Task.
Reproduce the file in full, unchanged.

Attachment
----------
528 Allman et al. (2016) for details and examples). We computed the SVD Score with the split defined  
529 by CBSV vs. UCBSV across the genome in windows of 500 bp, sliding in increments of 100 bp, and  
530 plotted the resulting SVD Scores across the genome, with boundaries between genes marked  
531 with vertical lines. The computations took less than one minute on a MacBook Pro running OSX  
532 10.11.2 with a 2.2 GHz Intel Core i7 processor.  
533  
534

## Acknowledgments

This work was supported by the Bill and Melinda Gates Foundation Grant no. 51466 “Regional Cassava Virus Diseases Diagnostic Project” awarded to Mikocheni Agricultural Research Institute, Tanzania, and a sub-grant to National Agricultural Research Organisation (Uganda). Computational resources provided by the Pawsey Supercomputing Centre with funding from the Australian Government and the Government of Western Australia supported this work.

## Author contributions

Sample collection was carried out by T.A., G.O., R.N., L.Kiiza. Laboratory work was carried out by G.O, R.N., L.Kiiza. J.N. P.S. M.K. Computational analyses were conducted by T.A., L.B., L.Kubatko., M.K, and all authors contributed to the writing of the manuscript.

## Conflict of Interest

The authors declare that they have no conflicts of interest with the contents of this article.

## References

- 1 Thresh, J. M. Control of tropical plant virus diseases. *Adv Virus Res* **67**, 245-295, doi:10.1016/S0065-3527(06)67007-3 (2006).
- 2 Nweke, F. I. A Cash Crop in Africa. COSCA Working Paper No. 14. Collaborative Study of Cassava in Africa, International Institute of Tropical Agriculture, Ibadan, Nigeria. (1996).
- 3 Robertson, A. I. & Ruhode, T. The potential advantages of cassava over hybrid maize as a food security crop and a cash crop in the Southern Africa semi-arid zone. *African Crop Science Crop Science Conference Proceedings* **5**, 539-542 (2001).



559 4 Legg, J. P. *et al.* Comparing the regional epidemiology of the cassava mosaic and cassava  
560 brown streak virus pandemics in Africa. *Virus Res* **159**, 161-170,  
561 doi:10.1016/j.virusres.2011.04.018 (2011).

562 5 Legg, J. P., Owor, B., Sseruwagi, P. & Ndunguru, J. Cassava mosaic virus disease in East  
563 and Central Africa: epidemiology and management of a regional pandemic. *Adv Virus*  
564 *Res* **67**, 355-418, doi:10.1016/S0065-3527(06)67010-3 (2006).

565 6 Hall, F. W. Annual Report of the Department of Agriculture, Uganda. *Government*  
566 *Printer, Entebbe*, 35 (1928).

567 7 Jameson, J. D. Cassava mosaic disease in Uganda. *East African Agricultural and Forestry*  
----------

528 Allman et al. (2016) for details and examples). We computed the SVD Score with the split defined  
529 by CBSV vs. UCBSV across the genome in windows of 500 bp, sliding in increments of 100 bp, and  
530 plotted the resulting SVD Scores across the genome, with boundaries between genes marked  
531 with vertical lines. The computations took less than one minute on a MacBook Pro running OSX  
532 10.11.2 with a 2.2 GHz Intel Core i7 processor.  
533  
534

## Acknowledgments

This work was supported by the Bill and Melinda Gates Foundation Grant no. 51466 “Regional Cassava Virus Diseases Diagnostic Project” awarded to Mikocheni Agricultural Research Institute, Tanzania, and a sub-grant to National Agricultural Research Organisation (Uganda). Computational resources provided by the Pawsey Supercomputing Centre with funding from the Australian Government and the Government of Western Australia supported this work.

## Author contributions

Sample collection was carried out by T.A., G.O., R.N., L.Kiiza. Laboratory work was carried out by G.O, R.N., L.Kiiza. J.N. P.S. M.K. Computational analyses were conducted by T.A., L.B., L.Kubatko., M.K, and all authors contributed to the writing of the manuscript.

## Conflict of Interest

The authors declare that they have no conflicts of interest with the contents of this article.

## References

- 1 Thresh, J. M. Control of tropical plant virus diseases. *Adv Virus Res* **67**, 245-295, doi:10.1016/S0065-3527(06)67007-3 (2006).
- 2 Nweke, F. I. A Cash Crop in Africa. COSCA Working Paper No. 14. Collaborative Study of Cassava in Africa, International Institute of Tropical Agriculture, Ibadan, Nigeria. (1996).
- 3 Robertson, A. I. & Ruhode, T. The potential advantages of cassava over hybrid maize as a food security crop and a cash crop in the Southern Africa semi-arid zone. *African Crop Science Crop Science Conference Proceedings* **5**, 539-542 (2001).



559 4 Legg, J. P. *et al.* Comparing the regional epidemiology of the cassava mosaic and cassava  
560 brown streak virus pandemics in Africa. *Virus Res* **159**, 161-170,  
561 doi:10.1016/j.virusres.2011.04.018 (2011).

562 5 Legg, J. P., Owor, B., Sseruwagi, P. & Ndunguru, J. Cassava mosaic virus disease in East  
563 and Central Africa: epidemiology and management of a regional pandemic. *Adv Virus*  
564 *Res* **67**, 355-418, doi:10.1016/S0065-3527(06)67010-3 (2006).

565 6 Hall, F. W. Annual Report of the Department of Agriculture, Uganda. *Government*  
566 *Printer, Entebbe*, 35 (1928).

567 7 Jameson, J. D. Cassava mosaic disease in Uganda. *East African Agricultural and Forestry*  